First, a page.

American Gigolo knows what its best feature is. The Stan crime drama opens with a tight close-up in profile of its leading man, Jon Bernthal, disbelief and shock silently distorting his features. The actor suggests someone unconvinced of the reality he finds himself in, but his face is full of truths, most notably a nose with erratic lines suggesting historic contact with a clenched fist moving at velocity. Too shocked to speak, Bernthal’s Julian Kaye is already telling us about himself.
Our screens are awash with great actors, even if too many don’t get the material they deserve. What’s rare is for one to seize the moment as Bernthal has done in 2022, to suddenly suggest after years of quietly impressive work a way of defining screen culture simply by their performances. The quiet hum of his screen persona, whether brooding or charismatic, has started to pulse this year. You can feel it. Everything in his scenes is up for grabs.
Jon Bernthal as Julian Kaye in the TV series American Gigolo.Credit:Warrick Page/Showtime
Before American Gigolo, in which he plays a newly exonerated inmate returning to Los Angeles and the sex trade that shaped him after 15 years in jail for a wrongful murder conviction, Bernthal starred in Binge’s We Own This City. His crooked Baltimore cop, Wayne Jenkins, gave the spiritual successor to co-creator David Simon’s masterpiece, The Wire, a centre of gravity that somehow distorted the very system he operated in. Ripping off criminals and civilians alike, Wayne was a force of nature in the urban ecosystem.
Bernthal careened through all six episodes of We Own This City but required only a single scene halfway through the season to put his mark on FX’s revelatory restaurant comedy-drama The Bear (Disney+). The show’s protagonist, Michelin-starred chef Carmen Berzatto (Jeremy Allen White), returns to Chicago to run the failing sandwich joint of his late older brother, Michael, a herculean figure whose downfall has left a hole in everyone’s lives.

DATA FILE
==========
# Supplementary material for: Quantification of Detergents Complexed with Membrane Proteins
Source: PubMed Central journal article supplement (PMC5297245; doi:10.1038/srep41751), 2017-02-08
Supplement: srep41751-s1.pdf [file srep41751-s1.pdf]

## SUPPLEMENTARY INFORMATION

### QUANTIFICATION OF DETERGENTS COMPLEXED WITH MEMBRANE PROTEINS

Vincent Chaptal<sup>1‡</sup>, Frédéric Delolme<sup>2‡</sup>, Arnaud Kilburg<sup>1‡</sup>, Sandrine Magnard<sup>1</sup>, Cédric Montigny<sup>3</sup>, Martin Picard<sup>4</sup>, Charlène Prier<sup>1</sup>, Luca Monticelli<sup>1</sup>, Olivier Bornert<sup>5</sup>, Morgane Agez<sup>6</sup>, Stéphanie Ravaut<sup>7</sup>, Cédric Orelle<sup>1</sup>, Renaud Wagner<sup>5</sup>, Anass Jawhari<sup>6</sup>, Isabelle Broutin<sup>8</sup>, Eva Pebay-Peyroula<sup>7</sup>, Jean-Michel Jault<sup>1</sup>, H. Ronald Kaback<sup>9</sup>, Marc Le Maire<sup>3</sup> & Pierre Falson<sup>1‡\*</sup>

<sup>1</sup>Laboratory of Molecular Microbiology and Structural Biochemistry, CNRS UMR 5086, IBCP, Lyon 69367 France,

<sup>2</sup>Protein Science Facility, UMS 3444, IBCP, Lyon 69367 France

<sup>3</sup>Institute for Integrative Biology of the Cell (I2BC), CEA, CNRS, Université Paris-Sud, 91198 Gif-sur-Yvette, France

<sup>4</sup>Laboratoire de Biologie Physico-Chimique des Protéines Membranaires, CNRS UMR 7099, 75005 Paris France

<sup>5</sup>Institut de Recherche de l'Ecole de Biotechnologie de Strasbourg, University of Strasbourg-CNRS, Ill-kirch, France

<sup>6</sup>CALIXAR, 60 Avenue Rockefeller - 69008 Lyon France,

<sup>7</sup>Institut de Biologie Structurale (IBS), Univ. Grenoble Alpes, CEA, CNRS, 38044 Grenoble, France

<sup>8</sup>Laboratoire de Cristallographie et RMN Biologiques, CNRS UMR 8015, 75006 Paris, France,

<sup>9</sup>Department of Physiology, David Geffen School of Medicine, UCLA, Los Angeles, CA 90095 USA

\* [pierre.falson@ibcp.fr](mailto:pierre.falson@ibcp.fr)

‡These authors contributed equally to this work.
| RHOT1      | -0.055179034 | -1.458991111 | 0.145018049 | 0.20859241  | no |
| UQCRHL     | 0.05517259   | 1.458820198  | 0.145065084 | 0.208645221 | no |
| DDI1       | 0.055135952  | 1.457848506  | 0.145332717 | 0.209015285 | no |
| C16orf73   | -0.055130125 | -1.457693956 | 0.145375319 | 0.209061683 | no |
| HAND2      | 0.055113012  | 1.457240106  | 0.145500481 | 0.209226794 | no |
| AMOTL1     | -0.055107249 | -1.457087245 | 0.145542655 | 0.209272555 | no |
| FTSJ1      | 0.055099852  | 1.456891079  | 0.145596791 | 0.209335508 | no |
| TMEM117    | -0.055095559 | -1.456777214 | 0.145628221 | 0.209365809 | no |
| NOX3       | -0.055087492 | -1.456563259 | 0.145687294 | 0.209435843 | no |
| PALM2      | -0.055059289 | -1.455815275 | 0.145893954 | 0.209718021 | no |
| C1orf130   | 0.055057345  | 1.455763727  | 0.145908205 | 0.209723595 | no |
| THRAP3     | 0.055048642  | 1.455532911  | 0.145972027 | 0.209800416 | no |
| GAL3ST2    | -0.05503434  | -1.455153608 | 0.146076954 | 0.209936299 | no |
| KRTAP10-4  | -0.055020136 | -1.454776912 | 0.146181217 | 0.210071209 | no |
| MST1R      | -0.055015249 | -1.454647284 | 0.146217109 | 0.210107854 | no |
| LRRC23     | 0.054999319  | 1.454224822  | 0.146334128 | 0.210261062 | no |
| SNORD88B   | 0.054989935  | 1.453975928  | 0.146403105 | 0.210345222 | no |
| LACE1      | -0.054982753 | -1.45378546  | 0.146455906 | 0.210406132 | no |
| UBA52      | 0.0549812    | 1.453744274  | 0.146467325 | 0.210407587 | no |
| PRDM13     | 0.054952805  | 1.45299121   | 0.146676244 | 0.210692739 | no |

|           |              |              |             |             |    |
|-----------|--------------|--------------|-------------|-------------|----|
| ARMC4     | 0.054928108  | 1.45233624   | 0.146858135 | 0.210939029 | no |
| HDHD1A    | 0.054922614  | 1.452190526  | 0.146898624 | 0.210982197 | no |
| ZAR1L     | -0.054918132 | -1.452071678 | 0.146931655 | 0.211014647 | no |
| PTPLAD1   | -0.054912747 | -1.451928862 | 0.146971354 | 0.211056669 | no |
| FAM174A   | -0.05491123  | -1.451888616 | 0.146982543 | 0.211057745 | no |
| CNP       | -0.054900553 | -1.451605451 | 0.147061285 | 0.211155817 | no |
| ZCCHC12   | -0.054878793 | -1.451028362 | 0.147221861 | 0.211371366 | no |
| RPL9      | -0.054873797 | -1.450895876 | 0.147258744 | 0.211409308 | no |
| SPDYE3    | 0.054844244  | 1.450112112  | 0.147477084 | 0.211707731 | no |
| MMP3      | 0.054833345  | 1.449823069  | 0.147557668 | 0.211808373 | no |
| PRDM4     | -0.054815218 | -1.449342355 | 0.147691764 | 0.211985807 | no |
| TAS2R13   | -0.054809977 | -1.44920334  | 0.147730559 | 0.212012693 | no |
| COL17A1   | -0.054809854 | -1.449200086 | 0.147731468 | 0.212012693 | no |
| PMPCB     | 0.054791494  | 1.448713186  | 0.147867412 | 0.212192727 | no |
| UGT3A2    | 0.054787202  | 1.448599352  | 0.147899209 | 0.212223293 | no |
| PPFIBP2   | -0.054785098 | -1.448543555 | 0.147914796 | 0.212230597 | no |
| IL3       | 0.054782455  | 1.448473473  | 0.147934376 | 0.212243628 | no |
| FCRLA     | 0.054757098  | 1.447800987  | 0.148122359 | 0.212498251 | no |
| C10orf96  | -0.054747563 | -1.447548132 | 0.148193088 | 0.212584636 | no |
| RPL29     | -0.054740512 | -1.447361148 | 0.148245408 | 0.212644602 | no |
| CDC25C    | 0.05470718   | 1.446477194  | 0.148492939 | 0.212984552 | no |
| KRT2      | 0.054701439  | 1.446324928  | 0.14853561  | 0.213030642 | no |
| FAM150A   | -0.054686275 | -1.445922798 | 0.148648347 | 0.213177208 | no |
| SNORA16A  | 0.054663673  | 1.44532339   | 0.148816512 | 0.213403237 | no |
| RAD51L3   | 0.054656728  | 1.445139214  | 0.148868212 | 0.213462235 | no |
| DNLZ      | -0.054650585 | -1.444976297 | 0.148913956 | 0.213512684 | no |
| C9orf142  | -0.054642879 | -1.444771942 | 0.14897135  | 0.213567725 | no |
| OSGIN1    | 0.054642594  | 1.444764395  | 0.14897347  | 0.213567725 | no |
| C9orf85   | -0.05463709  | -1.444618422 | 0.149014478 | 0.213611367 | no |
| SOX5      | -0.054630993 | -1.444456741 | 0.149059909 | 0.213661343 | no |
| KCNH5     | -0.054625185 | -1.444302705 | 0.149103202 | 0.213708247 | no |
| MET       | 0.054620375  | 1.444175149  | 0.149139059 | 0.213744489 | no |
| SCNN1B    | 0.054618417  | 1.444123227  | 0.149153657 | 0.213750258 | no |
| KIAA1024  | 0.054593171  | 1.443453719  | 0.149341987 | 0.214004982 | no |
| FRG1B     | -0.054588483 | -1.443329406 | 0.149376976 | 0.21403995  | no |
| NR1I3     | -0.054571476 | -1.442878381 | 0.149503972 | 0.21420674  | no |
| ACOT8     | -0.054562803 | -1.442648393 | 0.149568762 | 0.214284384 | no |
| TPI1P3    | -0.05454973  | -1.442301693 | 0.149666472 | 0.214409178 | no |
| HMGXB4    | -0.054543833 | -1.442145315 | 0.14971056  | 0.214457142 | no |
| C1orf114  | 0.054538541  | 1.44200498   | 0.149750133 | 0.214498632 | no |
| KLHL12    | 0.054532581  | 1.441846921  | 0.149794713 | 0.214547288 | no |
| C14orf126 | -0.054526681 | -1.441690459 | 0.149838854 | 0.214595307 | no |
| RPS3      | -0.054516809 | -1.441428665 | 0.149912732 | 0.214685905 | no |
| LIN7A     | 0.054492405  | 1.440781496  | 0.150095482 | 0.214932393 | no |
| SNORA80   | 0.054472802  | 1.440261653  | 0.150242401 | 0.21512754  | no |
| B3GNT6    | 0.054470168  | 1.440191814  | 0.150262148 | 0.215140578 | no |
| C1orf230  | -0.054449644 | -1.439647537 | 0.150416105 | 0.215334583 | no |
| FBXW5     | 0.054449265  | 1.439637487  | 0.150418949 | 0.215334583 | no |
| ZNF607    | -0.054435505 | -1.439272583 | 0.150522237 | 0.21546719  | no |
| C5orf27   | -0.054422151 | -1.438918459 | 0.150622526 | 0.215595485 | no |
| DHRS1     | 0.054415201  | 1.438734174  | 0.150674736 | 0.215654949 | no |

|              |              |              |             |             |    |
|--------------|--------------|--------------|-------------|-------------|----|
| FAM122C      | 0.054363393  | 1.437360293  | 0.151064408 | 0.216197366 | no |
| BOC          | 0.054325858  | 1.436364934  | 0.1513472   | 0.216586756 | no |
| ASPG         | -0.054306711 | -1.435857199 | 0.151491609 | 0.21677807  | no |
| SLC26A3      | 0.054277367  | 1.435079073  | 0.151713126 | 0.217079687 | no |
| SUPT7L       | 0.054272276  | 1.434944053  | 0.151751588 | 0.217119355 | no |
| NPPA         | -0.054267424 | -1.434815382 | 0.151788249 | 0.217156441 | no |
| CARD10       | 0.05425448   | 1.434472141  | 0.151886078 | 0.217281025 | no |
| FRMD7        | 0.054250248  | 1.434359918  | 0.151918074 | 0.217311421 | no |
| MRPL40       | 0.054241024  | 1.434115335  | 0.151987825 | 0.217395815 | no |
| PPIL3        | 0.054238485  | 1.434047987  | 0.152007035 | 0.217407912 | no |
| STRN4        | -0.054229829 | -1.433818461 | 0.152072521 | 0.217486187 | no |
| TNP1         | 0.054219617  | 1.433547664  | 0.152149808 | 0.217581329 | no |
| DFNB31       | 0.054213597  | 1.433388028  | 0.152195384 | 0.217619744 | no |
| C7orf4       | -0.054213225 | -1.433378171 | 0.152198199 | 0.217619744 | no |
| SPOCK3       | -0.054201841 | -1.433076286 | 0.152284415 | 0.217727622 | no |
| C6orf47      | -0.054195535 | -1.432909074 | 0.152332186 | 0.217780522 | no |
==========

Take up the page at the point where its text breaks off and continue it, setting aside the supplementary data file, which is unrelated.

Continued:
The Bear is easily one of the year’s finest new shows, but I still gasped out loud when Bernthal unexpectedly appeared in a flashback as Michael. Prepping a veal dish for family and friends – no raisins! – he tells a rambunctious story that in one rattling, discursive monologue shows you why Michael’s magnetism overwhelmed his flaws until it was too late. When his best friend, Richie Jerimovich (Ebon Moss-Bachrach) later tries to tell the same yarn, it falls flat. Bernthal makes you believe that it’s Michael’s world, and we just live in it.
Jon Bernthal as crooked Baltimore copper Sgt Wayne Jenkins in We Own This City .
In a time of too much TV, the best actors are in demand. Bernthal is 46 years old and just a few years removed from pungent Hollywood supporting roles alongside Brad Pitt (Fury) and Leonardo DiCaprio (The Wolf of Wall Street), but his off-kilter looks and finely pitched intensity make perfect sense now. In the same way that the gifted Cristin Milioti has made the discombobulated comic-thriller – see Stan’s Made for Love and The Resort – her wheelhouse, Bernthal is mapping out what comes after the male anti-hero.
Bernthal transcends the archetypes of his characters. In We Own This City, Wayne had an uncontrollable bravado – he kicked in doors and gamed the system with superior officers and drug dealers alike. But the notes Bernthal wove through his performance spoke to his human failings, whether it was wounded pride or incriminating jealousy. The show is based closely on real events, but the docudrama-dense narrative stops running in the closing moments, when an imprisoned Wayne is not defiant, but bewildered.
Jon Bernthal was unforgettable in a single scene of 2022’s hit series The Bear.Credit:FX
Likewise, the most interesting quality about American Gigolo, which loosely uses Paul Schrader’s 1980 thriller with Richard Gere playing the original Julian Kaye as a springboard, is that it lets Bernthal explore vulnerability. Released without warning, Julian is flummoxed by his sudden freedom. Knocking on the door of his mother’s trailer, he scrapes at the door in the desperate hope that it will open and offer him respite. Instead of seeking righteous vengeance for being framed, Bernthal makes Julian someone trying not to be dragged under.
Created by David Hollander (Ray Donovan), American Gigolo is a flawed series. It borrows memorable elements from the film, such as Blondie’s siren’s song Call Me, but has no interest in its themes of pleasure or agency. Brought forward to 2021, familiar outlines such as villainous billionaires and amoral pimps menace Julian, who gets flashbacks and exposition to fill out the plot. In a way, it’s a defining test for Bernthal: you wouldn’t bother with the show if a lesser actor was playing the lead role.
Bernthal passes that test. He may recall the idiosyncratic leading men of the 1970s, and he certainly matches their dedication to a part, but this is his time. “You can’t hurt him,” Julian tells a lover in American Gigolo, explaining how he created his professional alter-ego, a charming high-end sex worker, to protect himself. It’s an emblematic aside, because whether as a terror or a turncoat, there’s something undeniably tender about Jon Bernthal’s work. He’s killing them softly.
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